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VOL. 36 | NO. 19 | Friday, May 11, 2012

Driving home a ‘statement’

Whether it’s electric, public or cost $360,000, we send a message with our rides

When gas prices hit $4 a gallon earlier this year, the local reaction was swift – and varied.

Mass transit holding rider gains, expanding

When gas goes up, bus ridership goes up. And when prices go down, bus ridership declines. At least that’s how the math used to work.


Oak Hill gets first citywide compost collection

Oak Hill will this week become the first city in Tennessee to implement a city-wide residential composting collection program. This is an expansion of “Recycle First, Trash Last,” the city’s recycling program launched last year.

Local Weather
Nashville, TN
Wind: from the West at 8.1 gusting to 18.4 mph
Humidity: 57%


Social Media in the Workplace – OMG! This session, part of Baker Donelson’s Labor & Employment Law Third Thursday Breakfast Briefing series, will explore how social media is impacting organizations and what employers need to know in order to minimize legal risks, institute an effective social media policy and harness the benefits of employees’ social media participation. The briefing, which includes a networking period and breakfast, is complimentary, but advance registration is requested. The event starts at 8 a.m. and is at the Baker Donelson Special Event Center, 211 Commerce Street, First Floor. Reservations and information: rsvp@bakerdonelson.com, 726-5714.

more events »


Kitchen must sparkle, even in seller’s market

Here are the opening salvos to most of the descriptions found in the Multiple Listing Service:


Real Estate trends for April 2012

April 2012 trends for Davidson, Williamson, Rutherford and Wilson counties, as compiled by Chandler Reports.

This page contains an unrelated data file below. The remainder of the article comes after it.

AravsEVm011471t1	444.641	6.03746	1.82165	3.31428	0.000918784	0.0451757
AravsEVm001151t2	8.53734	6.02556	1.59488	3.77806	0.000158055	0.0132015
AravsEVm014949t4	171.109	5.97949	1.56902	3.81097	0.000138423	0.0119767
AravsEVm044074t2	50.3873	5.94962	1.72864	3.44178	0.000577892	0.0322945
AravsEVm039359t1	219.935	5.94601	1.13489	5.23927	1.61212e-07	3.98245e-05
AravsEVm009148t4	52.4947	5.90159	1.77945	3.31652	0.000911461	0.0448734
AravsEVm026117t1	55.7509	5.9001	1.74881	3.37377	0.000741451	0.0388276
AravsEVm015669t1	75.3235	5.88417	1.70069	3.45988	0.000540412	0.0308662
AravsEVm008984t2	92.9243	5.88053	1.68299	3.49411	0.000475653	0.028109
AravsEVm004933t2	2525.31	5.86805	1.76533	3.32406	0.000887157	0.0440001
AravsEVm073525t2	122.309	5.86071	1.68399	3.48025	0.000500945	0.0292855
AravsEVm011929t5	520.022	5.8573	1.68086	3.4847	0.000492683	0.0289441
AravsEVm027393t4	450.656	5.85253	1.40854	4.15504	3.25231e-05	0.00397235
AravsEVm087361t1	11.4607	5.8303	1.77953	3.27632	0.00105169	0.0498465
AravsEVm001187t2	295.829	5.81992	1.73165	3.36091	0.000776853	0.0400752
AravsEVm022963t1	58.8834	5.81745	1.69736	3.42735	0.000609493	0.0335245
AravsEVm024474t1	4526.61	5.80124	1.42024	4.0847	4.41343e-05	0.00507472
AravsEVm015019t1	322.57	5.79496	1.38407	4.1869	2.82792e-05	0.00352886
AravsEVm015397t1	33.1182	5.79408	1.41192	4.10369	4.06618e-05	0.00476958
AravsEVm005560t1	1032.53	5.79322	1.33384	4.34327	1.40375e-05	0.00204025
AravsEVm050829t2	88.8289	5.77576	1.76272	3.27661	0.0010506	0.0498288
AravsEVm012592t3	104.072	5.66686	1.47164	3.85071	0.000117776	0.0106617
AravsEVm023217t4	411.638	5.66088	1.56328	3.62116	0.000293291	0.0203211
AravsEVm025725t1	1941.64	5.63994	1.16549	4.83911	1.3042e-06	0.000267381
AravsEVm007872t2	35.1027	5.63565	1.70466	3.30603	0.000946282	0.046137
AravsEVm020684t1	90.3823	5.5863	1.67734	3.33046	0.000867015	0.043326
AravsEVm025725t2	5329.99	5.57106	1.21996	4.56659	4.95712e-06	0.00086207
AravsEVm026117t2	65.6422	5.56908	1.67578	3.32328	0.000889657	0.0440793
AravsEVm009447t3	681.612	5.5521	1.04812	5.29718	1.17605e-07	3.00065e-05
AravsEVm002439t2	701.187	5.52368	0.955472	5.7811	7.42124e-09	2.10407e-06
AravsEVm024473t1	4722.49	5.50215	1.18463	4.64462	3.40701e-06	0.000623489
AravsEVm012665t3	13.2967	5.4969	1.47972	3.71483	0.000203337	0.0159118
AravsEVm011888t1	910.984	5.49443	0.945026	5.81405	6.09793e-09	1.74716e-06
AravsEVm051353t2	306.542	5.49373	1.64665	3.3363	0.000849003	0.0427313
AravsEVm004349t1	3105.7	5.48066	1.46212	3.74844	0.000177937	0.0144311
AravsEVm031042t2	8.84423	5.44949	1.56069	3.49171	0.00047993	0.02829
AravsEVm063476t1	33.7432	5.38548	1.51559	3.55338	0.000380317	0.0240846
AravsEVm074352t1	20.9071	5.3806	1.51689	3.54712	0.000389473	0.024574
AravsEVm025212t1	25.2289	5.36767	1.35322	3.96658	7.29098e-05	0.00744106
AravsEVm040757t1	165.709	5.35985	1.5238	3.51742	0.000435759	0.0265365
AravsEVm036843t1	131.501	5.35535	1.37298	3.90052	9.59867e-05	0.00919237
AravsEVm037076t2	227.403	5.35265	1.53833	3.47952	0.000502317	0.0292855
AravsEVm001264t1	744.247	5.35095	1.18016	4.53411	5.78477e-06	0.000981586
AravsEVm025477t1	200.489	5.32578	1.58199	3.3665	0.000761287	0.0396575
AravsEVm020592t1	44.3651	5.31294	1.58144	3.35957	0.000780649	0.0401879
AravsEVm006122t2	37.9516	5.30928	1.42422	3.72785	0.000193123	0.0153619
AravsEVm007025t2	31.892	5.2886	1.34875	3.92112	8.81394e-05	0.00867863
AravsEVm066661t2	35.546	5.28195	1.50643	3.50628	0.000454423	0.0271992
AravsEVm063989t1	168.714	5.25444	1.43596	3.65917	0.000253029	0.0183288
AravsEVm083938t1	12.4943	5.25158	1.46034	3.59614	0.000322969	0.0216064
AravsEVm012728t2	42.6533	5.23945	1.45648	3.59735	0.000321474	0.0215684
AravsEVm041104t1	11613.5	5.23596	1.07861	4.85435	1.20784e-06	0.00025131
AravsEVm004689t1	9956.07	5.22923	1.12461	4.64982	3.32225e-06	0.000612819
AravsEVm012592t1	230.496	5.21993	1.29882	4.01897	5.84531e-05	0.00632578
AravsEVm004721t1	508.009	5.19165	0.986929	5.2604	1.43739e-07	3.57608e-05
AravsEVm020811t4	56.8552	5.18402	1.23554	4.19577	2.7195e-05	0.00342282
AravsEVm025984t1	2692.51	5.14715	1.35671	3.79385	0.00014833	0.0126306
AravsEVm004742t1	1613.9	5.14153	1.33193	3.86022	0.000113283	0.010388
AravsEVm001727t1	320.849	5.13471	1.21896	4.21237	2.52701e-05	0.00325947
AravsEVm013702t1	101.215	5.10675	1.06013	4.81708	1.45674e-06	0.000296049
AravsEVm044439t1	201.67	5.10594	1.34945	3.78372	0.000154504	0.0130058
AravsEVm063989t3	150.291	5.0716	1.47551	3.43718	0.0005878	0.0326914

Top mortgage lenders for Davidson County, April 2011

April 2012 top lenders trends for Davidson County, as compiled by Chandler Reports.


Holmes named Firstbank president

Veteran banker and Lexington native Chris Holmes will become the third president of FirstBank since it was purchased by businessman Jim Ayers in 1984. Doug Cruickshanks, who has served as FirstBank president since 2002, will become vice chairman of the bank’s board of directors.


Utilize storytelling to sway customers

There is perhaps no greater weapon in a sales rep’s arsenal than a well-told story. There are fundamental selling skills salespeople must have to find success – the ability to uncover a prospect’s needs, formulate customized solutions, overcome objections, and ask for and close the business. You would assume those skills, coupled with proper selling tools, would equate to success.

Guerrilla Marketing column earns RedRover top international award

RedRover Company was among the winners of The 2012 Communicator Awards presented by the International Academy of the Visual Arts (IAVA).


Up and down economy a sign of indecision